Navico (Simrad, B&G and Lowrance) have just released the latest addition to their chartplotters and marine electronics systems. They have released a wireless connectivity module and a firmware update for their NSS range of chartplotters to allow them to pair with and be controlled by apps on iPads, iPhones and other devices.
It works across a wifi network – either via Simrad’s own WiFi access point box called the WiFi-1 or by any existing router and onboard wifi. The latter is a bit more difficult, but perfectly possible and allows a nice level of system integration and allows the same wifi network to be used for internet and navigation control.
How does it work?
Turn on your NSS plotter – Start the GoFree app -Connect to the plotter – Your iPad turns into a chart plotter. Thats it.
The iPad screen becomes a mirror of the chart plotter’s screen. Drag the chart on the iPad and the chart scrolls on the plotter. Access the menus and they appear simultaneously on both devices. Basically, the chart plotter’s screen is relayed to the iPad as a video stream, and any interaction is sent back to and mirrored on the plotter.
This gives you a portable plotter that you can use down below for passage planning, use to check the radar whilst sheltered under the sprayhood or just use a secondary screen from the chart table – everything the chart plotter can do you can do from the iPad (with 1 exception – see below)
How well does it work?
It works well. It is fast, easy to use and reliable. There is a momentary lag when scrolling as the signal is sent between the two devices, but nothing to cause any concerns.
For me, it is a great free addition to my system as it gives me full access to the plotter from anywhere on the boat. It means I don’t have any problems with not having a dedicated second plotter down below.
In practice I think it’ll be more useful on those long night passages allowing us to monitor AIS and radar targets without having to leave the warmth and shelter of the companionway. As a skipper it’ll also be nice to be able to keep an eye on things from down below.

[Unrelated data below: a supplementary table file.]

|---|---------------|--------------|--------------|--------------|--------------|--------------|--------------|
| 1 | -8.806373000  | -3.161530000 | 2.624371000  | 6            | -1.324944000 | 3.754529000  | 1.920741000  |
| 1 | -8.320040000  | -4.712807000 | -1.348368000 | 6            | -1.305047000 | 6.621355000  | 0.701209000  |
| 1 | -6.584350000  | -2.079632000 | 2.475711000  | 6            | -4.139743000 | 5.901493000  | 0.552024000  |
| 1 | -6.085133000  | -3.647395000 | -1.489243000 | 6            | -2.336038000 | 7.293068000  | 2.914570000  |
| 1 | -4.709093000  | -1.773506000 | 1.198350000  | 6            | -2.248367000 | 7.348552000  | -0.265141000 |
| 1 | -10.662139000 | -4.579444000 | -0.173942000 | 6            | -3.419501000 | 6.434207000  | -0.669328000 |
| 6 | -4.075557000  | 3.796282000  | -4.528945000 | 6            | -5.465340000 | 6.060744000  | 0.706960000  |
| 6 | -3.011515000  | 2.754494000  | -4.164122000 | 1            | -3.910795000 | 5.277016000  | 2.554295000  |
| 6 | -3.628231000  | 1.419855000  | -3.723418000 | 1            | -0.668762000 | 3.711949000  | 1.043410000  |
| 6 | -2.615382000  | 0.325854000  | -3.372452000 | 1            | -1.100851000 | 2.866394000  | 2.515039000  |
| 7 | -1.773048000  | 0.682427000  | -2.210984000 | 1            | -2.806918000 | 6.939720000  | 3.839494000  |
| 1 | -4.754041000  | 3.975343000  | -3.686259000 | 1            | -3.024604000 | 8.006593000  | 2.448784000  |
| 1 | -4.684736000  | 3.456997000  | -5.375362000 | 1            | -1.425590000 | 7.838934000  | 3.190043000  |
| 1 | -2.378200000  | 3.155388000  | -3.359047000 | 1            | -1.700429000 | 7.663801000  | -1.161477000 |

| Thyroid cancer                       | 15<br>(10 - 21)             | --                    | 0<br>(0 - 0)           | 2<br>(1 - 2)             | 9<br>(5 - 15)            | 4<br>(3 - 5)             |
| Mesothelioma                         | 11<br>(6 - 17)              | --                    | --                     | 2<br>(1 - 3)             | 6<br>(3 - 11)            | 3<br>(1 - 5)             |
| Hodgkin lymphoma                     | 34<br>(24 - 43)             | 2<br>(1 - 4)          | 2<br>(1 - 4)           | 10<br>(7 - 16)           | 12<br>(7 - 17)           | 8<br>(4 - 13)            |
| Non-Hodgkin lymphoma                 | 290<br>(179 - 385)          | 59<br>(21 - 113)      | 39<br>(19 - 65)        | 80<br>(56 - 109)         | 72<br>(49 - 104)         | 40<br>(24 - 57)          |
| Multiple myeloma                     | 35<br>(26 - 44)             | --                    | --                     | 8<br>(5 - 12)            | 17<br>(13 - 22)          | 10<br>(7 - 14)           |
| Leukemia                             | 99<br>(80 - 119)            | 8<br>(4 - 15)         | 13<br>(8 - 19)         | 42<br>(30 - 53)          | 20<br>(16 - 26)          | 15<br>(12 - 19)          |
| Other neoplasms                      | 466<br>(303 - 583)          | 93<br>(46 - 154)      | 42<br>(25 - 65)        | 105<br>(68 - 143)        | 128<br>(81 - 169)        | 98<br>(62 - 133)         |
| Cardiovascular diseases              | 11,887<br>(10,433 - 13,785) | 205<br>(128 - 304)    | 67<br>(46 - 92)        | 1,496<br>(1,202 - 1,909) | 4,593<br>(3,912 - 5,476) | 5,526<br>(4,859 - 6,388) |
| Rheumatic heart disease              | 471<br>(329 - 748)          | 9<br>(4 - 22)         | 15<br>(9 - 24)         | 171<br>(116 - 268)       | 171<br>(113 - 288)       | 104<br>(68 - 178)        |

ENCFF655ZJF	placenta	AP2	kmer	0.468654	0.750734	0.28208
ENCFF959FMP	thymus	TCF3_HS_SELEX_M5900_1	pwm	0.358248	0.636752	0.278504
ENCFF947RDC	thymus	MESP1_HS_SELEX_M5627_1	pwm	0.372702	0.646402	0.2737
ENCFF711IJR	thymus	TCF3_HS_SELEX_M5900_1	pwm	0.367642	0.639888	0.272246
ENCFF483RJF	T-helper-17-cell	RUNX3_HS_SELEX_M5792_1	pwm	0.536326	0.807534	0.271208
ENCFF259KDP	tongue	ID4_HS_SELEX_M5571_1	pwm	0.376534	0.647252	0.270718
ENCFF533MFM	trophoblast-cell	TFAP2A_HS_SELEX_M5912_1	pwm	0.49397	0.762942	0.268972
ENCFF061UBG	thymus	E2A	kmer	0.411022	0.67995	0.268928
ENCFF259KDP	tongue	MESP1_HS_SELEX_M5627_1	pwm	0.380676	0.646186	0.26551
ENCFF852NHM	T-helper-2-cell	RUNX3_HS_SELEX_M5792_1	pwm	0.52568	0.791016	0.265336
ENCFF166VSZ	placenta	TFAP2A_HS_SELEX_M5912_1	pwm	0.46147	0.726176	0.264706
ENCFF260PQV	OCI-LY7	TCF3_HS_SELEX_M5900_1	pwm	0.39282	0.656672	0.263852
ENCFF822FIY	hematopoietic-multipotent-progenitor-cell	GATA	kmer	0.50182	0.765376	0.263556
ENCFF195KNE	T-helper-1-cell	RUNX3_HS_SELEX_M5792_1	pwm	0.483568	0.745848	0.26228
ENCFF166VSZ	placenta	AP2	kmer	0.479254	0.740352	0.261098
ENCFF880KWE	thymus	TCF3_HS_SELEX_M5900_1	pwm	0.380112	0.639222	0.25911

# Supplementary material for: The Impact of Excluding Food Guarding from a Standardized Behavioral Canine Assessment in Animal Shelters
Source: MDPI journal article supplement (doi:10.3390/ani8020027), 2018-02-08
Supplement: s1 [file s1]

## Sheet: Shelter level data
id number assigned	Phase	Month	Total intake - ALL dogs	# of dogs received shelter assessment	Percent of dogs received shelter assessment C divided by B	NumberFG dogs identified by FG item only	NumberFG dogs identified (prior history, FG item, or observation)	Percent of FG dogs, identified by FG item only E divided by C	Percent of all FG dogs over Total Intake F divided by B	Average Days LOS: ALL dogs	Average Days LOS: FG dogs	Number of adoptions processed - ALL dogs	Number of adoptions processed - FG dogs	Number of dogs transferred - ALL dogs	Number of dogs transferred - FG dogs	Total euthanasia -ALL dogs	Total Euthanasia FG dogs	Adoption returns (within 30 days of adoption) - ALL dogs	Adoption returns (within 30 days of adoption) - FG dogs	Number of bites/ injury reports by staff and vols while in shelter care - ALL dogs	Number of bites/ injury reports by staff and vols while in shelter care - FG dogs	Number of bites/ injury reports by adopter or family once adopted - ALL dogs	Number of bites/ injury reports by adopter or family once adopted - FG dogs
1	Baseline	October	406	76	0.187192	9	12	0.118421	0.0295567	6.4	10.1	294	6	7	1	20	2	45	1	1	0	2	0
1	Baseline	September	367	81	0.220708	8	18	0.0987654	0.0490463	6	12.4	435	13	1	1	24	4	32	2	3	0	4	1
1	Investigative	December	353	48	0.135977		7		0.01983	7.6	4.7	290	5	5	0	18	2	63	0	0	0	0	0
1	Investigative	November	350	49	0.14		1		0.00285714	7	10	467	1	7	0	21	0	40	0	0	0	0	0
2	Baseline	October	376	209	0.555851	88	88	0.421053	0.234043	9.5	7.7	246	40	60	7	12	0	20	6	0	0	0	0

A few notes:
- The iPhone app only allows viewing, as (according to Simrad) the screen would be too small to accurately control.
- The first time a device tries to connect to a plotter, authorisation is required, so someone can’t just hack into your control system!
- Currently the control of the autopilot is disabled from within the iPad app. This is for apparent legal reasons – as Simrad don’t want vessels steered blind from down below (legal and corporate responsibility).
- Connecting my NSS plotter to my ethernet network was quite simple. I could have bought a special cable, but since it runs off standard 8 core twisted pair ethernet cable, I just cut my existing NSS – Radar Controller cable, crimped on a couple of RJ45 plugs, and connected both into my router. The NSS and radar pick up network IP addresses in my DHCP range and everything talks together.
- Nmea 0183 data is also broadcast across the ethernet, so other apps (such as iNavX) can receive and use all navigation information.